If you don't bode well in hot or humid weather, then you will definitely need to prepare yourself for when summer hits the 852, because things can get, well – sticky. You can basically kiss goodbye to good hair days between the months of May and August, when afternoon temperatures can often exceed 30°C and humidity can reach a whopping 100 percent (yep, that is possible). But fear not, because some simple haircare tips can prevent you from looking like a cast member of CATS, while a decent dehumidifier will help keep the moisture levels down in your apartment and stop your clothes from going mouldy. Just don't be too shocked when the electricity bill arrives in the post – continuous air-con doesn't come cheap!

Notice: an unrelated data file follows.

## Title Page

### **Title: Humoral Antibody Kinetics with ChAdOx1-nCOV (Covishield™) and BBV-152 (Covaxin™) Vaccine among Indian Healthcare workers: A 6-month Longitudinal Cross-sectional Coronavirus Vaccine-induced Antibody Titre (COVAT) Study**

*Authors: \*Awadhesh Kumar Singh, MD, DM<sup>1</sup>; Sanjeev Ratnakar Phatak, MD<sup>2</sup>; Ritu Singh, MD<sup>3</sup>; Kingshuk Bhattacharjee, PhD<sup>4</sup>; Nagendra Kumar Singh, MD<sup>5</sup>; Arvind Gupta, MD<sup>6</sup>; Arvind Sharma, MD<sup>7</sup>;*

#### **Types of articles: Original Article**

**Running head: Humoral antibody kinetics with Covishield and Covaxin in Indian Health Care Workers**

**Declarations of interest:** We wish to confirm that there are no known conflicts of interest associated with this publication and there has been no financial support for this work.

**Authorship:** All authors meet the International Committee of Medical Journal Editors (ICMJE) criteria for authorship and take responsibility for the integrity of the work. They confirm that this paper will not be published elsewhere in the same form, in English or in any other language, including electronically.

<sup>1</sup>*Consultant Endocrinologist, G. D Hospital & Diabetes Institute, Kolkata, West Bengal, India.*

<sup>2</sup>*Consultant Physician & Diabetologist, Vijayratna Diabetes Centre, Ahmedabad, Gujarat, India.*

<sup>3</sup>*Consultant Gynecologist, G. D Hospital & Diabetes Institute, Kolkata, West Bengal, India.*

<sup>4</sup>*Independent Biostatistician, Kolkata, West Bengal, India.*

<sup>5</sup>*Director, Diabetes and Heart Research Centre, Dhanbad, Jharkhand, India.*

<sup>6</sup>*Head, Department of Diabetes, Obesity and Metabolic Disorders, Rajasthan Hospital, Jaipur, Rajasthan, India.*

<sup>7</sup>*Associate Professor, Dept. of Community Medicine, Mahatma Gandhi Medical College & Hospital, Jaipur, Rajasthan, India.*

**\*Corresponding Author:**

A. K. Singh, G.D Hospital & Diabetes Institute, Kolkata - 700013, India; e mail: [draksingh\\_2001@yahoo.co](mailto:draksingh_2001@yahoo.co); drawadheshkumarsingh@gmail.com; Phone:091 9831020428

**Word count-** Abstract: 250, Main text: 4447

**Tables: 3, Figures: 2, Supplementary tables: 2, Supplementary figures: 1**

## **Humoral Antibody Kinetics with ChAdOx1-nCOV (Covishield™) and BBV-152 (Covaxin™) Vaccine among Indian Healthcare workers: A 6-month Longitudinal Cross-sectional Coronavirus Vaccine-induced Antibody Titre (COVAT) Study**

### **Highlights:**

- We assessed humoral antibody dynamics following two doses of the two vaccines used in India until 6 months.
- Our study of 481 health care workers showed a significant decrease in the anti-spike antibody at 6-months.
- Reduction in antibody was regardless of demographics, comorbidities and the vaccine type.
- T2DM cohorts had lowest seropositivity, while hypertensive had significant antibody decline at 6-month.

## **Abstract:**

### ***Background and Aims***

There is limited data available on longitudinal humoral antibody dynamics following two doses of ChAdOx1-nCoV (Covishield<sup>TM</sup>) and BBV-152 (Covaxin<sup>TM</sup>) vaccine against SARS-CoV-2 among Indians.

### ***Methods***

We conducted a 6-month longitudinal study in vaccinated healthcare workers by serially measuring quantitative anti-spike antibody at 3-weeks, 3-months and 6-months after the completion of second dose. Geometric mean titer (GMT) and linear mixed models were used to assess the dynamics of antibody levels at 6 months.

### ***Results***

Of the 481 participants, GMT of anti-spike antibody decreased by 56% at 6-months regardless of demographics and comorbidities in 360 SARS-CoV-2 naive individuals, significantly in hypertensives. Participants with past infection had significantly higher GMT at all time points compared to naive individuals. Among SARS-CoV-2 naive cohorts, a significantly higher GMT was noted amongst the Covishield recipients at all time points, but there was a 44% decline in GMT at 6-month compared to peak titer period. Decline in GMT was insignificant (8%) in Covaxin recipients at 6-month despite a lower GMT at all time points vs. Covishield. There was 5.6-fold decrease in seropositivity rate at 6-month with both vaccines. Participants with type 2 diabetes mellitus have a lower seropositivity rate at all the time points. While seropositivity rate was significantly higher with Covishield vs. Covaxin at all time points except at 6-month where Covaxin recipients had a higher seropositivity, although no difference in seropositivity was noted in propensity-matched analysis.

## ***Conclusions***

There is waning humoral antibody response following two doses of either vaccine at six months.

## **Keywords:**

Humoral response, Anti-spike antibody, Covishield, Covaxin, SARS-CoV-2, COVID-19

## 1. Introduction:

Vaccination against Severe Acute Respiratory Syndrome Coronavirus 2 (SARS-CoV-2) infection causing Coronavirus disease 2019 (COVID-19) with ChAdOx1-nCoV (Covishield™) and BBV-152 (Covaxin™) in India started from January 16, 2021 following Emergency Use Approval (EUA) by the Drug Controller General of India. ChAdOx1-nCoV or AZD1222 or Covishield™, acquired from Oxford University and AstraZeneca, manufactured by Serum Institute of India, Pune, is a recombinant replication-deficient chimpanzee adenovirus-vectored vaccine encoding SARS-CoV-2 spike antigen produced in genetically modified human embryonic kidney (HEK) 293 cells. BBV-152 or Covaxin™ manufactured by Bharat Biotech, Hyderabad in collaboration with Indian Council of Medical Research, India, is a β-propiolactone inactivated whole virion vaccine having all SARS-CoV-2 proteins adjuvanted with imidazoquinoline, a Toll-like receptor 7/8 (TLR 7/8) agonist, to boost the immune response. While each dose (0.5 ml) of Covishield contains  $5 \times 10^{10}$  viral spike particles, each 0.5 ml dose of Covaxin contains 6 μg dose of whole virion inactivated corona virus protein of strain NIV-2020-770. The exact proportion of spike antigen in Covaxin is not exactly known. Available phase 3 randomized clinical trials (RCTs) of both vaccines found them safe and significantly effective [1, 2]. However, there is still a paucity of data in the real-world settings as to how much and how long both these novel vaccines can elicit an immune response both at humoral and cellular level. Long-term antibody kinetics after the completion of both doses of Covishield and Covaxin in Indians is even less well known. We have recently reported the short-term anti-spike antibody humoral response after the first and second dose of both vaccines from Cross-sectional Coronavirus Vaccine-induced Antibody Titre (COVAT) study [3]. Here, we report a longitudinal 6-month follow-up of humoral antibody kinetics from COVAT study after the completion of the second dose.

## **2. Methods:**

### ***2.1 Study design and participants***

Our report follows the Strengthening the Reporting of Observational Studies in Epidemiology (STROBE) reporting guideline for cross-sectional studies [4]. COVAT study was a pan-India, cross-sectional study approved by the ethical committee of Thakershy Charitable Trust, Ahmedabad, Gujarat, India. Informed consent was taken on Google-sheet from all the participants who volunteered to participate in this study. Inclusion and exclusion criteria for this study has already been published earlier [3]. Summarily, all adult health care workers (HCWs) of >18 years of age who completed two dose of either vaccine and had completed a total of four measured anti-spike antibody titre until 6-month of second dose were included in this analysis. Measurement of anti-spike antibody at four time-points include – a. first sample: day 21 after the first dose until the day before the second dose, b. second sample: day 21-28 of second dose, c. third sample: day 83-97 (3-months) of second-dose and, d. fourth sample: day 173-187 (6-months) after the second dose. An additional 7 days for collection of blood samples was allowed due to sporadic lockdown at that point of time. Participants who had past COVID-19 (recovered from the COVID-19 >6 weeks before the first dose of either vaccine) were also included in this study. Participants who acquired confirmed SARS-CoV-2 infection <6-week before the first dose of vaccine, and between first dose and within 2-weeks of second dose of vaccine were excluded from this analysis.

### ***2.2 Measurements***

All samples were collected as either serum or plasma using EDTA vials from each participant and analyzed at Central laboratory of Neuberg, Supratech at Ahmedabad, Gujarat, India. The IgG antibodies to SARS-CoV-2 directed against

This phrase is particularly pertinent between the months of July and September in Hong Kong, when peak typhoon season throws the city into a whirlwind of disruption and sogginess. This sounds rather dramatic, but in all honesty, Hong Kong is incredibly adapted and prepared when it comes to aggressive weather. In fact, the very next morning after the most powerful typhoon on record, Mangkhut, hit the city, Hongkongers were already back at their desks and the city was in the throws of a mass cleanup, sorting all the fallen trees, collapsed buildings, and extensive damage to the roads. That said, you will still definitely want to invest in a sturdy umbrella and some durable footwear to get you through the season, and make sure you read our Typhoon Survival Guide so you understand the different warning signals and what to do when they are hoisted.